Rheumatoid nodules


Usually located on pressure points in patients with rheumatoid arthritis.

A rheumatoid nodule is an area of swelling, that appears on the exterior of the skin usually around the olecranon (or the interphalangeal joints but can appear in other areas.

There are four different types of rheumatoid nodules: subcutaneous rheumatoid nodules, cardiac nodules, pulmonary nodules, and central nervous systems nodules. 

These nodules occur almost exclusively in association with rheumatoid arthritis. 

Very rarely do rheumatoid nodules occur in the absence of rheumatoid arthritis. 

Rheumatoid nodules can also appear in areas of the body other than the skin. 

Less commonly they are found in the lining of the lungs or other internal organs. 

The occurrence of nodules in the lungs of miners exposed to silica dust is. known as Caplan’s syndrome.

Rarely, nodules can occur at diverse sites on body: upper eyelid, distal region of the soles of the feet, vulva, and internally in the gallbladder, lung, heart valves, larynx, and spine.

Rheumatoid nodule histlologically has characteristic palisading granuloma with a core consisting of necrotic collagen and fibrin. 

The pathology is characterized by central necrosis, palisading mononuclear cells, and perivascular lymphocytic infiltrations.

Rheumatoid nodules can vary in size from 2 mm to 5 cm and are usually rather firm.

Often rheumatoid nodules are associated with synovial pockets or bursae.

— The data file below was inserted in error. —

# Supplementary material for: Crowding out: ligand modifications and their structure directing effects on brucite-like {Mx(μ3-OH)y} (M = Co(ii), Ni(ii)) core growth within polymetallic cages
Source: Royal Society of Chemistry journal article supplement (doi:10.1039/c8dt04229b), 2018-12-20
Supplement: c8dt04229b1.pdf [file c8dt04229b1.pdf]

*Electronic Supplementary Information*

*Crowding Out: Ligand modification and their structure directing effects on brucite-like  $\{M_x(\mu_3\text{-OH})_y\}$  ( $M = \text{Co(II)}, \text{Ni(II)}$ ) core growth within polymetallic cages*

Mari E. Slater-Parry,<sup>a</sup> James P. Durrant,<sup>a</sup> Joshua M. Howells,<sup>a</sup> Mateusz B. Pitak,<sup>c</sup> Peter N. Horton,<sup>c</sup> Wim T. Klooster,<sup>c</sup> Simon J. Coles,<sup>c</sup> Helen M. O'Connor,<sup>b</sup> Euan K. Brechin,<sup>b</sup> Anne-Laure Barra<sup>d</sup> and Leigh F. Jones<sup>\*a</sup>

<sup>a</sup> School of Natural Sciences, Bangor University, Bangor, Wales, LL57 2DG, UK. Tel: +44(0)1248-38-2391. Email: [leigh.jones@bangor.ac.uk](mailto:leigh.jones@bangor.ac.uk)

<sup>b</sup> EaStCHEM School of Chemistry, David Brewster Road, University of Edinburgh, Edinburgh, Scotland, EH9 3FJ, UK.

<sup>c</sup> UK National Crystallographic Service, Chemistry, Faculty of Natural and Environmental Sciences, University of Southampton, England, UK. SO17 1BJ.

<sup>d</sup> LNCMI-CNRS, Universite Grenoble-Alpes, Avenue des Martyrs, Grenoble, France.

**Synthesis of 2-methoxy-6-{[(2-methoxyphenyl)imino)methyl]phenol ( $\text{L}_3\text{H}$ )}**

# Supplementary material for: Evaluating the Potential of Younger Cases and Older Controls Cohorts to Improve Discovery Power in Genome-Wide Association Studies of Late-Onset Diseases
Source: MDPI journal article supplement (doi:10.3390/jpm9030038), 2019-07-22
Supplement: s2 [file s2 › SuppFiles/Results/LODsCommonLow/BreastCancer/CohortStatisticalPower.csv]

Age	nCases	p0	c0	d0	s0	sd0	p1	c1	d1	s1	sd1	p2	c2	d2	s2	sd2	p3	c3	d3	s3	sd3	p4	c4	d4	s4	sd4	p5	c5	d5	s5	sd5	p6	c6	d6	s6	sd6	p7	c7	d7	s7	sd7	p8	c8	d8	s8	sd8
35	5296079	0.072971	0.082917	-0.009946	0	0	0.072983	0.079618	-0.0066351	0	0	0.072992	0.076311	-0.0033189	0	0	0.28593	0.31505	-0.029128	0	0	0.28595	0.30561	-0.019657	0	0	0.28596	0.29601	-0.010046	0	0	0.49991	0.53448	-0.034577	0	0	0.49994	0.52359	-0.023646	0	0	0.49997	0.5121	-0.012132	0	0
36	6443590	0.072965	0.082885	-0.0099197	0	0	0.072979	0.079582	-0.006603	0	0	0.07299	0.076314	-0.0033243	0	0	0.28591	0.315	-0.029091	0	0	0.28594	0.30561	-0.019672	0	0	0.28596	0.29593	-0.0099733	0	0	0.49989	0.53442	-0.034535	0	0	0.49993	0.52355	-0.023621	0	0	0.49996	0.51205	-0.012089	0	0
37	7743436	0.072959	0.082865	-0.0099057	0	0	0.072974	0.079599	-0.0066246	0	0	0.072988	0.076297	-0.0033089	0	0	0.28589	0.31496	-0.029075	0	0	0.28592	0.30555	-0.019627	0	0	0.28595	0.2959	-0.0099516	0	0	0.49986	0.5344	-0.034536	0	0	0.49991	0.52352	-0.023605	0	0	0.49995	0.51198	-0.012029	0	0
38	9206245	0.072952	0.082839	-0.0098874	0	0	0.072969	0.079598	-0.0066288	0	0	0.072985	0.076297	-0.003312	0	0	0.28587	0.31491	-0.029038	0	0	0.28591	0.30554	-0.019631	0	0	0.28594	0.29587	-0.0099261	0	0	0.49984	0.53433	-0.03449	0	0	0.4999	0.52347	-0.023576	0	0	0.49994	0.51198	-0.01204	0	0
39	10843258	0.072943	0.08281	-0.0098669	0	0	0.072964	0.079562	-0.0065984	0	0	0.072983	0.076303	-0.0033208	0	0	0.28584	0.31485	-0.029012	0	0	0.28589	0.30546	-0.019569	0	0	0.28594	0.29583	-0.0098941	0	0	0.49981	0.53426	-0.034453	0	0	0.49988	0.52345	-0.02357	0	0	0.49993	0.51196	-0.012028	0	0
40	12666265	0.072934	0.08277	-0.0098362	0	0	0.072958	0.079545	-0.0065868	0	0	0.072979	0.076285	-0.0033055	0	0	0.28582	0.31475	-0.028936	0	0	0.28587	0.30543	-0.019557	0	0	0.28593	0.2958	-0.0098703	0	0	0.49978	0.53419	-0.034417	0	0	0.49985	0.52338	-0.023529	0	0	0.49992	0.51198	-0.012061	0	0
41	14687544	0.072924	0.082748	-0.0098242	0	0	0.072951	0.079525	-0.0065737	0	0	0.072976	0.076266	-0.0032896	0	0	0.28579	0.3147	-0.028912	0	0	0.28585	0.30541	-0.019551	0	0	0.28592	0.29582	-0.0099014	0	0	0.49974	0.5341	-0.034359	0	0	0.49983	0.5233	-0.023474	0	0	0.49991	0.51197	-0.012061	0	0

About 5% of people with rheumatoid arthritis have such nodules within two years of disease onset, and the cumulative prevalence is about 20–30%.

Risk factors of developing rheumatoid nodules include smoking and trauma to small vessels.

The majority of nodules are not painful or disabling in any way. 

They are usually more of an unsightly nuisance. 

Rheumatoid nodules can become painful when infection or ulcers occur on the skin of the nodule. 

Nodules may disappear or grow larger over time, making nodular size difficult to predict.

Treatment of rheumatoid nodules can be difficult: surgical removal and injection of corticosteroids have shown good results.

Rheumatoid nodules frequently form over extensor sites and areas vulnerable to trauma.

Such trauma can cause inflammatory particles to build up and lead to a secondary inflammatory response which ultimately causes fibrin release and necrosis.

It is suggested that the inflammation of blood vessels activates complement components, which leads to the deposit of rheumatoid factors and fibrin.

The rheumatoid nodule is the most common cutaneous manifestation of rheumatoid arthritis.

Rheumatoid arthritis involves chronic inflammation of synovial membranes, which leads to degradation of articular cartilage and the juxta-articular bone. Inflammation is caused by T cells, B cells, and monocytes when endothelial cells are activated.